Reservoir portion 32 has 24 small, vertical holes, as at 40, defined in the bottom thereof. Body 30 has defined therein an inlet port 50 connected to the middle of a main feed line header 52. Main feed line header 52 is connected to four feed lines, as at 60, each of which is connected to six vertical holes 40. Portions, as at 64, of main feed line header 52 and feed lines 60 are blocked, the portions that are now blocked having been formed in the drilling operation that formed the main feed header and the feed lines.
 A horizontal weir 70 (FIGS. 4 and 5) extends along one side of reservoir portion 32 and has a vertical height terminating somewhat below the upper edge of the depressed central portion. A sloped drain channel 80 (FIG. 4) extends along the side of weir 70 opposite the side of the weir that is adjacent reservoir portion 32 and the lower end of sloped drain channel 80 terminates in a sump 90 (FIG. 4) connected to an outlet port 100.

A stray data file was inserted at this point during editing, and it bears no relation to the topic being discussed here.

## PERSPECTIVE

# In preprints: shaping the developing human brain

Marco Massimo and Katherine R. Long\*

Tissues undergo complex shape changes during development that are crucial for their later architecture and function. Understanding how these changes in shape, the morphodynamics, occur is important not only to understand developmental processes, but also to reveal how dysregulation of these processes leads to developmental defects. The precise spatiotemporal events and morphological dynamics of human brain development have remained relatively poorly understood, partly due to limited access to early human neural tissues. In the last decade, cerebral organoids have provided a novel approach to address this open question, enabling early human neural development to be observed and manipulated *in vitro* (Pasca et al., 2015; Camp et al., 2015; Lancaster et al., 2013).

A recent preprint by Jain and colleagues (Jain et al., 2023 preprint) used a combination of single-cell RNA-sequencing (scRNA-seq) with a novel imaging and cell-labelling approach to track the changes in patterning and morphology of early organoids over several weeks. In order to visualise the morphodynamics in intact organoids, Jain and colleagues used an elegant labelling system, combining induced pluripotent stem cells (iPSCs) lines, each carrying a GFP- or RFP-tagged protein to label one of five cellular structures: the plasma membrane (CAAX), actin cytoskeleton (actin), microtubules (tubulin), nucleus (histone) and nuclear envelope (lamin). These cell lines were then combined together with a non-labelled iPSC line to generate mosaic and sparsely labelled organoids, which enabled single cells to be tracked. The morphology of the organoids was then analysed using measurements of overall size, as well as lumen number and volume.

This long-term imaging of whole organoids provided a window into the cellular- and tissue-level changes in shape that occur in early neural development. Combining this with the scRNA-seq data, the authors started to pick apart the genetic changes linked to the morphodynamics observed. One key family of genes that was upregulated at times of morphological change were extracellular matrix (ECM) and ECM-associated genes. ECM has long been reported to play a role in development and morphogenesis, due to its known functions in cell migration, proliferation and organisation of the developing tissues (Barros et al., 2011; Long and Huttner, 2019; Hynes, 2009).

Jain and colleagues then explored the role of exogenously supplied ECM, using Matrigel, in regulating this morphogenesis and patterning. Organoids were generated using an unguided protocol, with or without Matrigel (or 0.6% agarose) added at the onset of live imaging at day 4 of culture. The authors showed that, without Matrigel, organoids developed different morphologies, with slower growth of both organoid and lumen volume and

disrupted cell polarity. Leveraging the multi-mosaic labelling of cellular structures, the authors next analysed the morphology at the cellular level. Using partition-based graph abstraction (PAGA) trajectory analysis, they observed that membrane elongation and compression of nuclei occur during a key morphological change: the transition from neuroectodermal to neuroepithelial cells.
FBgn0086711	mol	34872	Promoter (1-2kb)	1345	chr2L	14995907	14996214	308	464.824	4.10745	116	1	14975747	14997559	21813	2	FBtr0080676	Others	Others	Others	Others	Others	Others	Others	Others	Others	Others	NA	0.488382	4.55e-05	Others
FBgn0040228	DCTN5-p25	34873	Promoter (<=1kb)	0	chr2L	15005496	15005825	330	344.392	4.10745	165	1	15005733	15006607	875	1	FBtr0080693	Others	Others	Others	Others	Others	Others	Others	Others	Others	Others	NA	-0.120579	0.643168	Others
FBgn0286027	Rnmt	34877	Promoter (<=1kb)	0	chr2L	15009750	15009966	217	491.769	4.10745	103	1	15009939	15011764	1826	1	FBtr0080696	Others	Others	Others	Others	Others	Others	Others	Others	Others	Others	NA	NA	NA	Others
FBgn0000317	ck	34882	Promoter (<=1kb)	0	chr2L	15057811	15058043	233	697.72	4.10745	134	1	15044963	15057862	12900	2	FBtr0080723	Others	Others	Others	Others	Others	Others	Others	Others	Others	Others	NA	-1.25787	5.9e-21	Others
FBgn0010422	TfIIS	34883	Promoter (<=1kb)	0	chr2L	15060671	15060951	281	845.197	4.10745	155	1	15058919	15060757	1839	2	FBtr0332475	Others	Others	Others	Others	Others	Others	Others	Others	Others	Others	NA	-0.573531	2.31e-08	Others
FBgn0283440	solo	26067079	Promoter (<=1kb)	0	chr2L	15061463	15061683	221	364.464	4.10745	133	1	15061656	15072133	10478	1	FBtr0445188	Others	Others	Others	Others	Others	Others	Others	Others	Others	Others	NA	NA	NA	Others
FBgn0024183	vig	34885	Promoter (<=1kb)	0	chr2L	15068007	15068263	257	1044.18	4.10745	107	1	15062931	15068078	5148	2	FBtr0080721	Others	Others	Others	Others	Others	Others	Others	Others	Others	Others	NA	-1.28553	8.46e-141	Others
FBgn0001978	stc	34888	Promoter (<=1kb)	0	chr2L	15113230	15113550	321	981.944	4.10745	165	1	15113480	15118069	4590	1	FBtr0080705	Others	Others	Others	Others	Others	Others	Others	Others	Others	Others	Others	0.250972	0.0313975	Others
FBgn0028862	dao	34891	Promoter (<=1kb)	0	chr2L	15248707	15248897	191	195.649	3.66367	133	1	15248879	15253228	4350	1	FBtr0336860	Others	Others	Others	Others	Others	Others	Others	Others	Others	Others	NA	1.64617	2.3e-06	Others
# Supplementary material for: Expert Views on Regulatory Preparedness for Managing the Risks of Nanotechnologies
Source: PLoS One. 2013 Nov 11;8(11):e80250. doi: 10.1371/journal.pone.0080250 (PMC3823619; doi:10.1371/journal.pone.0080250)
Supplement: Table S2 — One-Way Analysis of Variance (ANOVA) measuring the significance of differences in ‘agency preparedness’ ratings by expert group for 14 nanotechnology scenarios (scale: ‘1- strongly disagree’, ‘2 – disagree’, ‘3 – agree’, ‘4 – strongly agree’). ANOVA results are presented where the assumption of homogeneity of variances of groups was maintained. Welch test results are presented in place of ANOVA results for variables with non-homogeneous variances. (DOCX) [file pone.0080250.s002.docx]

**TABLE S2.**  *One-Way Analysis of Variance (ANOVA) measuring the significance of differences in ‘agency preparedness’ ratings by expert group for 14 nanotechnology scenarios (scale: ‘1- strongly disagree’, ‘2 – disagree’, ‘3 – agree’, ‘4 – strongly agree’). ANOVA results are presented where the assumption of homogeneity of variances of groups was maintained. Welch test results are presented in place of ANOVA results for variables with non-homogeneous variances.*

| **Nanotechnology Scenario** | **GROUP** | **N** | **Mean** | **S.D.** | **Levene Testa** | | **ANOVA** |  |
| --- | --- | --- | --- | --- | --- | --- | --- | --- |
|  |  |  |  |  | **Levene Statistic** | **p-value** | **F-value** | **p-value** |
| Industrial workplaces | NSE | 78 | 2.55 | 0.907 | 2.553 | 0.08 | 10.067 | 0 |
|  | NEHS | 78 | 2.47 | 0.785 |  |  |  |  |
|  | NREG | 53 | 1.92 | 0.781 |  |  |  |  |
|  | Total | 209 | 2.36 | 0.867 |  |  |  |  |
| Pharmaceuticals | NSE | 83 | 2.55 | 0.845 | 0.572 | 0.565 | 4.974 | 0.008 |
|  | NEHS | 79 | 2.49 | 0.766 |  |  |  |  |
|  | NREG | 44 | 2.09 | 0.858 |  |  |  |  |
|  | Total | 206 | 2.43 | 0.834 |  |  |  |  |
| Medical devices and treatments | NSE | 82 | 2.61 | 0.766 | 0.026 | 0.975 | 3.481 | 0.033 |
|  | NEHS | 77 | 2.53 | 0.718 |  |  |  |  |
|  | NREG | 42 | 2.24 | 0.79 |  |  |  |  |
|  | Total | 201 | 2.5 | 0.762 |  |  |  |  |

In use, a liquid containing particulate matter, such as paramagnetic particles or living cells, is introduced through inlet port 50, flows through main feed header 52, flows through feed lines 60, and flows uniformly into reservoir portion 32 through holes 40. Weir 70 (FIGS. 4 and 5) maintains the level of liquid in reservoir portion 32 constant. Pipettor needles are inserted into the liquid in reservoir portion 32 a given and constant depth. Excess liquid flows over weir 70, into sloped drain channel 80 (FIG. 4) and out of source reservoir 20 through sump 90 and outlet port 100. Supply to inlet port 50 may be by means of a peristaltic pump (not shown) and outlet port 100 may be connected to the inlet side of the pump or to a main reservoir.